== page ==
*A careful look is taken at the notion of a radio horizon and its calculation. Rather than just give a formula, its derivation is shown and explained.*

The distance to the horizon varies with the height of the observer, or in the case of radio, with the height of the radio's antenna. There is a well-known formula for calculating the radio horizon which says the distance in miles will be the square-root of twice the height in feet. When I see a formula, I tend to be curious about how it was derived. This curiosity led me to derive the formula, which I show below.

The geometric distance to the horizon from a particular height above the Earth is illustrated below:

*Figure 1. Earth radius, height of observer, and distance to horizon. The scale of the typical height of observer is greatly exaggerated in this sketch.*

`R`

is the radius of the Earth`h`

is the height of the observer or antenna`d`

is the distance to the horizon

The three lines form a right triangle, and by Pythagorean theorem, we can say

d² + R² = (R + h)²

We can evaluate this and solve for distance `d`

:

d² = (R + h)² - R² = R² + 2Rh + h² - R² = 2Rh + h² d = √(2Rh + h²)

In the case of the Earth radius `R`

and of the typical observer or antenna height `h`

, we see that `R`

is very much greater than `h`

. For example:

Earth radius = 20,902,253-feet height = 10-feet

Because of this we can simplify our calculation. The value for `h²`

will be extremely small compared to `2Rh`

. For example, at a height of 10-feet, the Earth radius is larger by a factor of more than 2,000,000:1. If we look at the relationship,

d² = 2Rh + h²

is really the same as

d² = h(R + R + h)

If we ignore adding that final `h`

, which is extremely small in comparison to the two `R`

terms there will not be much effect on the product. Thus we can say that the approximate relationship is:

d² = 2Rh d = √(2Rh)

Since we know the Earth radius, we can include its value in the formula. Because we will be working with the height in feet, we will need to use the same units for the Earth radius. The Earth is not a perfect sphere. Its radius at the equator is different than at the poles. We can use a value that is accepted as the mean Earth radius, which is 3,958.76-miles or 20902252.8-feet (or 6371-kilometers). The distance-to-horizon formula then reduces to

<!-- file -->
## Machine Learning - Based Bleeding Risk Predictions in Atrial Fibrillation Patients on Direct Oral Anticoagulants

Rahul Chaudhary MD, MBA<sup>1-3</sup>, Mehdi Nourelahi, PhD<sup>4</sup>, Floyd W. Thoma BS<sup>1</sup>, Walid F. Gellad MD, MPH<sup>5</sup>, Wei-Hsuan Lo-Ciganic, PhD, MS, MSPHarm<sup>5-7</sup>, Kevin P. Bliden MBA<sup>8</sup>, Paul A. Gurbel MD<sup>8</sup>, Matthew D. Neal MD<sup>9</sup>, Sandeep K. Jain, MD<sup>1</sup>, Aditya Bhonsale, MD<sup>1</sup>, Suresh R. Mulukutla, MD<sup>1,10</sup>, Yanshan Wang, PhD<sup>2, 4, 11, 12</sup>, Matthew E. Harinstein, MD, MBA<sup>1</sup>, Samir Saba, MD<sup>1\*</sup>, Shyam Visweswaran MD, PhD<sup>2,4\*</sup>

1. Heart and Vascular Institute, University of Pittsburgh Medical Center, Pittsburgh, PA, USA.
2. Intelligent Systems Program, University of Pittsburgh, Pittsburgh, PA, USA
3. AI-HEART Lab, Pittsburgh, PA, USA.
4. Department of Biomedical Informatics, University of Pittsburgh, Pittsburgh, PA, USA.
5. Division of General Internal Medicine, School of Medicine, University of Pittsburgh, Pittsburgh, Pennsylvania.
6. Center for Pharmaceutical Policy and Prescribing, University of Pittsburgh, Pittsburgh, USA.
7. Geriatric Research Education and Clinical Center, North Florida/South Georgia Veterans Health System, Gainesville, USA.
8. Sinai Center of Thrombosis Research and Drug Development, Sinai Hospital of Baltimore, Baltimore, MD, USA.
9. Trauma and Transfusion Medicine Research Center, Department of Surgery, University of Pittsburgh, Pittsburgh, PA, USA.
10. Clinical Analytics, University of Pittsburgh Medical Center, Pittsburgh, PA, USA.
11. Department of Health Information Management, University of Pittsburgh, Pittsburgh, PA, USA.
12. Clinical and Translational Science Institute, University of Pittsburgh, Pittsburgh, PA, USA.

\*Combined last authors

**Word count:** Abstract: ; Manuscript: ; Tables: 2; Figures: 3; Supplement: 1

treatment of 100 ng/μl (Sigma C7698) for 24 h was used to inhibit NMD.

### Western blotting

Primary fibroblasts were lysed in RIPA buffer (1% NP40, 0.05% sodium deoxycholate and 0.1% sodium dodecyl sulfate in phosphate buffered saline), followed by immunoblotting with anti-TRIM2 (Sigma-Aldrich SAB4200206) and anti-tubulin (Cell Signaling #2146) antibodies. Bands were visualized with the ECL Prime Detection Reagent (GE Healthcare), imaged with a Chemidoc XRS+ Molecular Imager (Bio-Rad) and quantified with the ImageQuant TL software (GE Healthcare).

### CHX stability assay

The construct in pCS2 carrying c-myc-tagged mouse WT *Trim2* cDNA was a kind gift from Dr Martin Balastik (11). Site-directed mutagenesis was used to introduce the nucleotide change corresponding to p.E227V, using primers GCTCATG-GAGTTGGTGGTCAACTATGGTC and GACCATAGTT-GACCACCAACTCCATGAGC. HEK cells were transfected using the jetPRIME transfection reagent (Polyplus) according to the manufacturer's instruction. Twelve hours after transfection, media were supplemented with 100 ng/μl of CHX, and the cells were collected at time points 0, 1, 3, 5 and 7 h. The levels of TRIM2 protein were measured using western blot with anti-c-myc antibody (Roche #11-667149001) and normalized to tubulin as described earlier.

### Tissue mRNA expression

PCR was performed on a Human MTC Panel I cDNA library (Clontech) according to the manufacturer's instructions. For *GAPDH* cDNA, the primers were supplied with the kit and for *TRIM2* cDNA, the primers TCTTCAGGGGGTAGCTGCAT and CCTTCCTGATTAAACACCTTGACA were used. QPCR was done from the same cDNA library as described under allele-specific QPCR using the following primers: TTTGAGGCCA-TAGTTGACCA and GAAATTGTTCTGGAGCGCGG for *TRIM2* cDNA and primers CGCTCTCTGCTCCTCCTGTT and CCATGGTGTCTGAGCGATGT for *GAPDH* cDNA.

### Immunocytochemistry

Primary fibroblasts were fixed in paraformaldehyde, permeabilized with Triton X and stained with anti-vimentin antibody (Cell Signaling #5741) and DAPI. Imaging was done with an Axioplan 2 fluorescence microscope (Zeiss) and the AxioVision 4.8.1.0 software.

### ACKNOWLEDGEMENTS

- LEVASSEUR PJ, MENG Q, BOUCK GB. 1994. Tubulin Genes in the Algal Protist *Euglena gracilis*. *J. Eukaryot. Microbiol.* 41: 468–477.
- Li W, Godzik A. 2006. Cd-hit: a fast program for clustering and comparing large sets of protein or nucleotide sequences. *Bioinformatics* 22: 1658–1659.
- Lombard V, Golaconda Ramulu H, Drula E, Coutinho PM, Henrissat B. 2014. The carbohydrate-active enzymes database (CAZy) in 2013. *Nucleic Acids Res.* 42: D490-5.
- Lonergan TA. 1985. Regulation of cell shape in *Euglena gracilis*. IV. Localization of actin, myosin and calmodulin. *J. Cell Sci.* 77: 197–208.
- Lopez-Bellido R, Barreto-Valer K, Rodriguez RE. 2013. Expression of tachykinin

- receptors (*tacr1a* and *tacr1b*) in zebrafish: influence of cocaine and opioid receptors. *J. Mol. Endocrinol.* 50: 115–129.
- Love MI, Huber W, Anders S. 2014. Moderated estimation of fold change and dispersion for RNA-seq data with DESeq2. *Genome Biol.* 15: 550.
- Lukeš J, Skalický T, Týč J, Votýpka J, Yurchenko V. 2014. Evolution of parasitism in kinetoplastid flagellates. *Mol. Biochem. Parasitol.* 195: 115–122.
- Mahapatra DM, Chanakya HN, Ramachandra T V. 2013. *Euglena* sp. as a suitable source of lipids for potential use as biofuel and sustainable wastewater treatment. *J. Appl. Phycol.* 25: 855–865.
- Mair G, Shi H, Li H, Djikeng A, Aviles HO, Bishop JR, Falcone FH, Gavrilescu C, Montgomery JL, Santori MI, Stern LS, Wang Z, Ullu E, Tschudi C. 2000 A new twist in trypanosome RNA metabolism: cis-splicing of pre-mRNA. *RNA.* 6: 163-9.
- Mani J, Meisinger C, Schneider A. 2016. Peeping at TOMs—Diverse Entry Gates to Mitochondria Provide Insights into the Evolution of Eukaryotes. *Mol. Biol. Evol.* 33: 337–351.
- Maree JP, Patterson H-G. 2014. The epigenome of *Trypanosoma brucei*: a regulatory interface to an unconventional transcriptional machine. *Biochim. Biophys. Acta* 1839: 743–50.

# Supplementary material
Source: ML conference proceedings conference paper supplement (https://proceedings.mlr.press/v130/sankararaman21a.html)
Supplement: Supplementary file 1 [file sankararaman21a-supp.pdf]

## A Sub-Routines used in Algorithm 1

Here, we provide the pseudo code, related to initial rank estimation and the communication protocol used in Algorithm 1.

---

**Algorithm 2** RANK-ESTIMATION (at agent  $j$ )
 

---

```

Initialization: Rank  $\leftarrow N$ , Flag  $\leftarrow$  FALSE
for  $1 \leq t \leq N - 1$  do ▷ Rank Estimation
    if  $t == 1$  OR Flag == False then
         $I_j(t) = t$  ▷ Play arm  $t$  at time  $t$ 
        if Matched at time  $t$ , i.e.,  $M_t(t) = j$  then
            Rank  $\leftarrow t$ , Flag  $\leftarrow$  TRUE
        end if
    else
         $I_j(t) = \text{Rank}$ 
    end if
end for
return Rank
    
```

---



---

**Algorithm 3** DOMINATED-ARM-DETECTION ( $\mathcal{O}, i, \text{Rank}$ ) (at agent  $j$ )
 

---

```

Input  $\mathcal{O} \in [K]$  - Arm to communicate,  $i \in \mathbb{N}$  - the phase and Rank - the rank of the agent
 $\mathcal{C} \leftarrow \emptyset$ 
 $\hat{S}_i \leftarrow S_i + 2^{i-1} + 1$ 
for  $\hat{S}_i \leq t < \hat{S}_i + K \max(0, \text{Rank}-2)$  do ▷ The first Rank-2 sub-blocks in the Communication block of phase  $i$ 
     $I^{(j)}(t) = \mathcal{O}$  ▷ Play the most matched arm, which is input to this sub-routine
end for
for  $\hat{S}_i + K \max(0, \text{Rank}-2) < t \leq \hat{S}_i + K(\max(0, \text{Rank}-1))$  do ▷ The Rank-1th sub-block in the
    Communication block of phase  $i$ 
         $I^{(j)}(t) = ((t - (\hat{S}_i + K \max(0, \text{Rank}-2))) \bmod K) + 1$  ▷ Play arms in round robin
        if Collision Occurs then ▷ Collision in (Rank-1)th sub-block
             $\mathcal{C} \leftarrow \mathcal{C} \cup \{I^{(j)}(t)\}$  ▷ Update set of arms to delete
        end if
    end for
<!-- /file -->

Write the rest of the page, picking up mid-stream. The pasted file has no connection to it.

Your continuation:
d = √(2 × 20902252.8 × h), where d and h are in feet

We can evaluate this further and have

d = √(41804505.6 × h), where d and h are in feet

By the law of square roots, we can also say

d = √(41804505.6) × √h d = 6,465.64 × √h

It is more convenient to have the distance to the horizon in miles, so we can divide by 5,280 (the number of feet in a mile) and get the familiar relationship

d = (6465.64 / 5280) × √h d = 1.22 × √h where d is in miles and h is in feet

We now have the geometric distance to the horizon from an observer or antenna of a certain height. The optical horizon will be slightly different due to refraction of light in the atmosphere. The density of the atmosphere is not completely uniform, and as light travels through the atmosphere it passes through layers of different density. This causes the light to be refracted.

The esteemed nautical reference work, *AMERICAN PRACTICAL NAVIGATOR* by Bowditch has considered this problem. As one might expect, it had quite a bit to offer on the subject. Bowditch provides a collection in their TABLE 12 of the distance to the (optical) horizon from various heights of eye. It notes that the actual distance will vary somewhat with changes in atmospheric refraction, but that this variation is likely to be less than variations due to differences in the atmosphere from standard atmospheric conditions for temperature and pressure. The table is calculated from the formula